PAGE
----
Is the Waikato DHB right to refuse to pay up?
The Government has backed Waikato DHB CEO Kevin Snee, who says his organisation won't pay up - despite the attackers having proved they have patient files in their possession, and a reported threat to attack the 19 other DHBs if the ransom demand is not met.
Police say that's the right stance. If you pay up, there's no guarantee you'll regain access to your files and, more, that paying a ransom only incentivises more offending.
What's the best way to stop the ransomware wave?
Brett Callow, a threat analyst with Emsisoft - a Nelson-based company that offers anti-ransomware tools - says there's one clear way to stop the attacks.
"The most effective way for the New Zealand Government or, for that matter, any government, to combat cyberattacks would be to prohibit the payment of ransoms," he says.
"Cybercriminals are now in a ransom-fuelled feeding frenzy and the easiest and quickest way to stop their attacks is to cut off the cash.
"While prohibition is a very blunt instrument that would undoubtedly cause some short-term pain, I've seen no other solutions recommended that would realistically bring this steadily worsening problem under control - at least, not quickly."
Many pundits agree, including Herald technology columnist Juha Saarinen.
So will our Govt make it illegal to pay a ransom?
Soon after the Waikato DHB attack, Justice Minister Kris Faafoi said he was "not considering making it an offence to pay a ransom or facilitate payment of a ransom in the event of a ransomware attack".
"While the Government understands that making payments may be perceived to encourage further attacks, criminalising the victim of a ransomware demand raises issues of fairness about making a victim a criminal if they are trying to protect their business and livelihood - and, possibly, essential infrastructure - by making such a payment," Faafoi said.
Officials were monitoring the situation, Faafoi said, and there would be an assessment of the effectiveness of any law changes offshore.
If an organisation pays a ransom, is that the end of it?
Often not. Brian Honan, the head of Ireland's Cert, told the Herald payment of ransom could mean an organisation regained control of its files - but also that the attackers will inevitably have made copies they can sell to other criminals, or use to blackmail individuals.
Honan speaks from direct experience. Ireland is currently grappling with an attack on its national health service that began on May 14 - which has seen at least 27 patient records spilled online.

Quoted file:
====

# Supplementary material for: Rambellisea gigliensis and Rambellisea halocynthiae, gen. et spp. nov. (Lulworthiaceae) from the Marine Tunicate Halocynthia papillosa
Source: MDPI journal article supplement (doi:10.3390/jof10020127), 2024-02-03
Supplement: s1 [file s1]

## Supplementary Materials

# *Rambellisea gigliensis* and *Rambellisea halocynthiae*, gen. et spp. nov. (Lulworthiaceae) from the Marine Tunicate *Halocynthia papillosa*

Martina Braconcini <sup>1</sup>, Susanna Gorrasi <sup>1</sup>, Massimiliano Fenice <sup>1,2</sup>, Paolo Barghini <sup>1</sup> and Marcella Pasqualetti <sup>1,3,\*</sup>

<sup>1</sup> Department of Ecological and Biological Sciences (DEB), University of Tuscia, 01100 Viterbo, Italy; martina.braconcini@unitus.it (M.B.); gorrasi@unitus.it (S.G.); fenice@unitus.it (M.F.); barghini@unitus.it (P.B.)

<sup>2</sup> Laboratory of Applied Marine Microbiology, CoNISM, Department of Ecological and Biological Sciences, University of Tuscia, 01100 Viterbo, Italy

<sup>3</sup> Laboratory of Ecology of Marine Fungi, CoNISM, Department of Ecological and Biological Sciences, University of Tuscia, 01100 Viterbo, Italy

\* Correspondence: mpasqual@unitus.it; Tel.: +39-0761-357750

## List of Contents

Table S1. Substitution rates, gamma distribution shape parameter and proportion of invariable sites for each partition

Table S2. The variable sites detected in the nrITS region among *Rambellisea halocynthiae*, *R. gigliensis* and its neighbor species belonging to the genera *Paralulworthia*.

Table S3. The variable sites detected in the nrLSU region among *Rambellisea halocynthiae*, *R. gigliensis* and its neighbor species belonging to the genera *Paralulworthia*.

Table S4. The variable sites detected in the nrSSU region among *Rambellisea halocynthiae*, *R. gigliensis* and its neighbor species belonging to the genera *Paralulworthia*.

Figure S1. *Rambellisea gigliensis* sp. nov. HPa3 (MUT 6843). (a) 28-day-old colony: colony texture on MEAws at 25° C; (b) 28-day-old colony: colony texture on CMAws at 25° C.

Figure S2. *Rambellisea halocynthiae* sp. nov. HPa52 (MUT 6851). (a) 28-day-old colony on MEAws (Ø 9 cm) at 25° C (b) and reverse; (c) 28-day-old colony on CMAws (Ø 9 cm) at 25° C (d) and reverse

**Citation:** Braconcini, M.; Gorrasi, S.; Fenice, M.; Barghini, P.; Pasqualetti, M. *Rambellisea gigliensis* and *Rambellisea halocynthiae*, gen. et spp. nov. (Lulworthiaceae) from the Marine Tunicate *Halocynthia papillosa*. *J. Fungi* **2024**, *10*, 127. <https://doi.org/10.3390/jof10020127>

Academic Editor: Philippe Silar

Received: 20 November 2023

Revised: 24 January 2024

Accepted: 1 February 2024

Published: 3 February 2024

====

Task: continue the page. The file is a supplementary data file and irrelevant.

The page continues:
And Honan points out a ransomware attack on a chain of psychological counselling clinics in Finland in October 2020 resulted in patients being emailed threats that their therapy notes would be published online if they didn't pay €500 within 48 hours. Around 30 paid up. Another 100 - including politicians and celebrities - had embarrassing details spilled onto the public internet.
Waikato DHB - after last weekend saying there was a low chance of stolen files - now acknowledges example records sent to media are genuine. It is offering counselling for those affected.
The GCSB has our backs, right?
The GCSB's remit includes keeping the state sector and some 250 (un-named) organisations, including key exporters, safe from hackers - and the spy agency's National Cyber Security Centre (NCSC) unit has duly been dispatched to help the Waikato DHB, just as last year it helped the NZX and the Reserve Bank recover from cyberattacks.
The GCSB's core defence is a system called Cortex, which was first deployed in 2011 and described by former Prime Minister John Key as a "Norton AntiVirus at a very high level", wrapping protection around NZ.
But an ex-GCSB staffer told the Herald that Cortex is now getting "long in the tooth."
He saw the agency struggling for skilled staff as corporate New Zealand, newly attuned to cyber threats, poached its employees.
And he also saw the Crown anti-hacking effort undermined by a fragmented, multi-agency approach.
NetSafe chief executive Martin Cocker recently took a similar line, telling the Herald: "We have a lot of agencies doing a lot of stuff; a lot of good stuff, but one of them needs to take a lead role."
Is Cortex long in the tooth?
On the long-in-the-tooth allegation, a GCSB spokesman said, "Cortex is a suite malware detection and disruption capabilities that is deployed to a subset of nationally significant organisations, and it is not a substitute for the information security measures every organisation needs to take.
"Like any technology tools, our cyber defence capabilities need to be constantly refreshed and updated to ensure they remain fit for purpose. While we are still achieving good effect from our capabilities, we have a work programme and funding in place to extend their useful life."
He also pointed the Herald to the agency's 2020 annual report, which states that "the detection and disruption of malicious cyber activity by Cortex capabilities has prevented $70.5m worth of harm to New Zealand's nationally significant organisations".
That's an increase from the $27.7m in harm the agency said it saved in the prior year.